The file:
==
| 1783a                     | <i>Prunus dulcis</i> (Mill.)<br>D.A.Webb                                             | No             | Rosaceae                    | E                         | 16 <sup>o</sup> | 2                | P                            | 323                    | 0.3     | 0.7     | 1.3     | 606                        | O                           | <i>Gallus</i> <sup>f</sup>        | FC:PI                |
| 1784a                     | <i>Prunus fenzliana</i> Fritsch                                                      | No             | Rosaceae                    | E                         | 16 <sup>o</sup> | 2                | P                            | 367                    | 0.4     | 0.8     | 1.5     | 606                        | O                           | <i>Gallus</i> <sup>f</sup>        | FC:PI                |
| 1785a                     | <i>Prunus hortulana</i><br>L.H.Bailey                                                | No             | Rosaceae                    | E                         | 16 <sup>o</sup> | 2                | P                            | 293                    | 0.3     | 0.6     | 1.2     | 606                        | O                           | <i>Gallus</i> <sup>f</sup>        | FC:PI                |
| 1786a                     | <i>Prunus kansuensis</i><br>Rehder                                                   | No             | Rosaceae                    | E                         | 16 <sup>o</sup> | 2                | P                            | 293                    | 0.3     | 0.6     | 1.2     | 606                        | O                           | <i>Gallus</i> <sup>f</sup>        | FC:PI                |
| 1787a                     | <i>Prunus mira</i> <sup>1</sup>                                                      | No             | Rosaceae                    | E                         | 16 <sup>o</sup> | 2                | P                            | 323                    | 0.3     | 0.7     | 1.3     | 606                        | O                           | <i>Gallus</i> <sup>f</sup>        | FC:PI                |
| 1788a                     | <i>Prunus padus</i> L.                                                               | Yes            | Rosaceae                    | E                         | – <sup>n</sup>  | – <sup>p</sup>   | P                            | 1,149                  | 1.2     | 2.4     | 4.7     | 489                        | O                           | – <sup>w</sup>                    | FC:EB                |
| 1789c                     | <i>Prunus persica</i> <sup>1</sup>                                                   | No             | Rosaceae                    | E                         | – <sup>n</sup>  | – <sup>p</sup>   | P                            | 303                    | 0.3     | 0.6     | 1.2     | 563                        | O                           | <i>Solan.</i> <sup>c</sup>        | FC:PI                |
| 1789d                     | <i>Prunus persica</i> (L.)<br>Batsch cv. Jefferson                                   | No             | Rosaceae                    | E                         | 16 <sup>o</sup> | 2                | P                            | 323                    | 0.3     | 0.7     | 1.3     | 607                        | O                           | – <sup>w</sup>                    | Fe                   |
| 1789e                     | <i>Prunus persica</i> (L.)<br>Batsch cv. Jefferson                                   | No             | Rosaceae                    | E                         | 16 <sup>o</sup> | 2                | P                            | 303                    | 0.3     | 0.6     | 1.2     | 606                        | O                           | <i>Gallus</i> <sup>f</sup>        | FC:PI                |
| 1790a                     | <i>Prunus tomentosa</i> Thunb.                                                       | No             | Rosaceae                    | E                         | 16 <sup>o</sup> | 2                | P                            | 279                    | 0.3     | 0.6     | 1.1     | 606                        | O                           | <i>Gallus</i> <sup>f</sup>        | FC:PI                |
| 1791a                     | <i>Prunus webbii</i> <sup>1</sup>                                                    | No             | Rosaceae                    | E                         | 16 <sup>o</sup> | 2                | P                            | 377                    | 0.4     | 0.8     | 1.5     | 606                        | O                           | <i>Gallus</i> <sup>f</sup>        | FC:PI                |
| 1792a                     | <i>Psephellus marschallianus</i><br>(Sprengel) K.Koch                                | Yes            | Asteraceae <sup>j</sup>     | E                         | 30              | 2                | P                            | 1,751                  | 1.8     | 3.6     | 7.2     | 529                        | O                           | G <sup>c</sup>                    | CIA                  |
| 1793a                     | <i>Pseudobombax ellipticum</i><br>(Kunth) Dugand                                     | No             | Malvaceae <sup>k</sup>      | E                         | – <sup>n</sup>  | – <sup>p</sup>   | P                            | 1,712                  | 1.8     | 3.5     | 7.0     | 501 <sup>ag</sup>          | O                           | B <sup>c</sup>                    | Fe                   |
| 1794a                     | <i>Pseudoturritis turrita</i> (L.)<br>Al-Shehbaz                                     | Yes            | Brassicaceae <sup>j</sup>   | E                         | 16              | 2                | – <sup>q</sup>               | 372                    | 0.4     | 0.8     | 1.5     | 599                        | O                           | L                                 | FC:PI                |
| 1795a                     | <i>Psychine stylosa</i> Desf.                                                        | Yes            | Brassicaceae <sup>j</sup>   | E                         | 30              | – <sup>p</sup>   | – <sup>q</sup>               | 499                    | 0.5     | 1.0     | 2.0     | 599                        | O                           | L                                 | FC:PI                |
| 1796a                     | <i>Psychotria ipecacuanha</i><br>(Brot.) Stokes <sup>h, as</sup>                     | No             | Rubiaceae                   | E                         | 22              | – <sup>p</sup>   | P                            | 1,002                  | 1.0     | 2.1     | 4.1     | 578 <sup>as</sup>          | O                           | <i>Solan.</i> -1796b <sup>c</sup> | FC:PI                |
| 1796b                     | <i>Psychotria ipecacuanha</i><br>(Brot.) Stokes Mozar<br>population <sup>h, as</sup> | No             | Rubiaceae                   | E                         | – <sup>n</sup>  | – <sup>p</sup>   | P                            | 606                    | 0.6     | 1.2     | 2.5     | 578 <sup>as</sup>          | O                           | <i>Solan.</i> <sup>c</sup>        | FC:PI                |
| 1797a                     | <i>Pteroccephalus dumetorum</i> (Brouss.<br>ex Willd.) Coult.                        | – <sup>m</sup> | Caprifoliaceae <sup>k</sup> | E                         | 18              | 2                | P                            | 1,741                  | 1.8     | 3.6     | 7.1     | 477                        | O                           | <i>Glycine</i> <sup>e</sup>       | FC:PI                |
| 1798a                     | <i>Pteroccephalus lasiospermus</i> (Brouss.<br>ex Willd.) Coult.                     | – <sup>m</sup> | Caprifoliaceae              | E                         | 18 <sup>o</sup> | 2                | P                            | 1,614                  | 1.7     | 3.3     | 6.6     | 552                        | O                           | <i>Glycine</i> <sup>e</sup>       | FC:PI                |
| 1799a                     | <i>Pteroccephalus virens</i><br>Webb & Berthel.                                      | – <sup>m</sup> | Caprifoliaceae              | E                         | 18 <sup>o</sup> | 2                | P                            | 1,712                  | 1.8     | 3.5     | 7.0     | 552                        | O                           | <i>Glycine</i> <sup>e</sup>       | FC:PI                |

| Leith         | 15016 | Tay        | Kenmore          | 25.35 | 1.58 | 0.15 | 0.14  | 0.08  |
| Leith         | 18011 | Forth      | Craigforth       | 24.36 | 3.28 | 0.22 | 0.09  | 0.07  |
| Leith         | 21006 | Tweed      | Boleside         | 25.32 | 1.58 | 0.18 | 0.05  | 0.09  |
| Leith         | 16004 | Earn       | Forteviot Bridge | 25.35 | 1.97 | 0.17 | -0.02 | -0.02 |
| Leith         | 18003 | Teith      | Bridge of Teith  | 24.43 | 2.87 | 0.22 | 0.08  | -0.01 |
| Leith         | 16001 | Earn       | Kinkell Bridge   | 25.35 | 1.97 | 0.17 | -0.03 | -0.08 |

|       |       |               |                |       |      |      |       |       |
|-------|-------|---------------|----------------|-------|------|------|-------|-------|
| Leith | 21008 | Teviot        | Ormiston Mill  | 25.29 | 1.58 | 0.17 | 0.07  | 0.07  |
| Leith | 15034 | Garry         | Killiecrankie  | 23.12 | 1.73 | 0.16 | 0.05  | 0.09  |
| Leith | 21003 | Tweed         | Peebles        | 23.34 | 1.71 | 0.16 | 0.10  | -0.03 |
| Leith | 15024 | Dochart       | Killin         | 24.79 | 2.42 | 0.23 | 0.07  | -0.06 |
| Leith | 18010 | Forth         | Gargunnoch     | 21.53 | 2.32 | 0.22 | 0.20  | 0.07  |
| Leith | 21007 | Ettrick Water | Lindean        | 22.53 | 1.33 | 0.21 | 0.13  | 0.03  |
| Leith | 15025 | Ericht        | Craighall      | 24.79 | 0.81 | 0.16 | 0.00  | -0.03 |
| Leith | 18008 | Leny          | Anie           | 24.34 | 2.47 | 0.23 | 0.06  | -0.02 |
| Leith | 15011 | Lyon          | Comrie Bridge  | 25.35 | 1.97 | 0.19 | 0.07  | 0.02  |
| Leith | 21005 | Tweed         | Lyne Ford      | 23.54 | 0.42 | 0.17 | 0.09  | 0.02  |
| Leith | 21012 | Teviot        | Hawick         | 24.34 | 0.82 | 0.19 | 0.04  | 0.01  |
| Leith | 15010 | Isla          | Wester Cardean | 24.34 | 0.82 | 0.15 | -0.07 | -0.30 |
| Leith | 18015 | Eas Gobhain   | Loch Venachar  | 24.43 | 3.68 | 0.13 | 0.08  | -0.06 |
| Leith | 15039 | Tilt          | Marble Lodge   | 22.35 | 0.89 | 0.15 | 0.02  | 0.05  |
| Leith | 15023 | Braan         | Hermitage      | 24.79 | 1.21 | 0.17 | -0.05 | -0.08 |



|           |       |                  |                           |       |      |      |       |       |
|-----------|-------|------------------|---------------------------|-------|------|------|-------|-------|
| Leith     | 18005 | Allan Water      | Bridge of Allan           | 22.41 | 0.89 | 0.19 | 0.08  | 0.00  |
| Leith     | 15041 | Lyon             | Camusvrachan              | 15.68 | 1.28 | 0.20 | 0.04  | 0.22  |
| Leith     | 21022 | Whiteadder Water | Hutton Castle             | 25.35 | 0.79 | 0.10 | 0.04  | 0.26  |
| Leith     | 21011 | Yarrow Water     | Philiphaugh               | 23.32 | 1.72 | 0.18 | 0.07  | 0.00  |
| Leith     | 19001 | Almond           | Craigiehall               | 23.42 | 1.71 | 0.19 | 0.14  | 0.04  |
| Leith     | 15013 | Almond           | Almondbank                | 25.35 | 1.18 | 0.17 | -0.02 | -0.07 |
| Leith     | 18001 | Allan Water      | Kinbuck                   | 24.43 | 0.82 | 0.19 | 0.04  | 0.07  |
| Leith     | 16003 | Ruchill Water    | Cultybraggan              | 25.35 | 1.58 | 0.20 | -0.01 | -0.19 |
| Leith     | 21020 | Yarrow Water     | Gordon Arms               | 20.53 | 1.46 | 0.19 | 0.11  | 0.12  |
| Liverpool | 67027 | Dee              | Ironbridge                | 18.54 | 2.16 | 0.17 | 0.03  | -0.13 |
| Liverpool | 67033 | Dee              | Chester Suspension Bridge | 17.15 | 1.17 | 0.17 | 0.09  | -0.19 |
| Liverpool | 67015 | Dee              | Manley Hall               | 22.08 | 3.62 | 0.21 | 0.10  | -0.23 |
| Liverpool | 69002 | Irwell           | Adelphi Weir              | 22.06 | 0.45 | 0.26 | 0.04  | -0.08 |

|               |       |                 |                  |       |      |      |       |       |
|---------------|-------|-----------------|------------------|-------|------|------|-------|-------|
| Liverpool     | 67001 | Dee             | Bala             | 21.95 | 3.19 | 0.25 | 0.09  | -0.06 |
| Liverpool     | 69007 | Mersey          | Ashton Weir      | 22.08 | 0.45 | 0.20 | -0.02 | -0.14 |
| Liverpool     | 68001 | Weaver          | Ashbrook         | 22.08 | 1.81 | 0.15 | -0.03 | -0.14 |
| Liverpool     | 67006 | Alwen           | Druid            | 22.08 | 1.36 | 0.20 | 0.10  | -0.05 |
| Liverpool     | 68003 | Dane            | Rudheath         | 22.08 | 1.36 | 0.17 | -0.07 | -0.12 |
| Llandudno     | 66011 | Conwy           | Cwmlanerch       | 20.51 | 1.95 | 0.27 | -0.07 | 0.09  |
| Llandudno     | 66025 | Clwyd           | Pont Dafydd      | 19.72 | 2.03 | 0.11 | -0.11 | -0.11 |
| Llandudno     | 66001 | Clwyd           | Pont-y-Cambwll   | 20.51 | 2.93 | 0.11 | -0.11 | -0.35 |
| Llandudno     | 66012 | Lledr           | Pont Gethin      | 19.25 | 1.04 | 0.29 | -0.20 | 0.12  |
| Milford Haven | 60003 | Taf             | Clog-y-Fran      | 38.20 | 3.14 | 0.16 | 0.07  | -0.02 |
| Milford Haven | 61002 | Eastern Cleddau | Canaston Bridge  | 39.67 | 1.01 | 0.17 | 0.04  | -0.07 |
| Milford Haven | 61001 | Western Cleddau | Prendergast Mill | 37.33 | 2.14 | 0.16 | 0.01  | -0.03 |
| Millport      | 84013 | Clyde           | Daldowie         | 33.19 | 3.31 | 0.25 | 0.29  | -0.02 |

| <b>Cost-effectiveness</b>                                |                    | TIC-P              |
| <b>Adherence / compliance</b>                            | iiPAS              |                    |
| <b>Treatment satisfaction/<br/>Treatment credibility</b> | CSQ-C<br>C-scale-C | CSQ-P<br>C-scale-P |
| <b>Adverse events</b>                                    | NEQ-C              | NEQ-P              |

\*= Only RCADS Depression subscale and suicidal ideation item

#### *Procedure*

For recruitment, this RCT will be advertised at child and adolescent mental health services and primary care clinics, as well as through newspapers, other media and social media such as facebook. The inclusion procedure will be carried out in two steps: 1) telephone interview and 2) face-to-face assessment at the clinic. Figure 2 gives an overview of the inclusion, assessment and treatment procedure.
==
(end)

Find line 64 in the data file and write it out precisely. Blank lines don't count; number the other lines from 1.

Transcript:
| Liverpool     | 67006 | Alwen           | Druid            | 22.08 | 1.36 | 0.20 | 0.10  | -0.05 |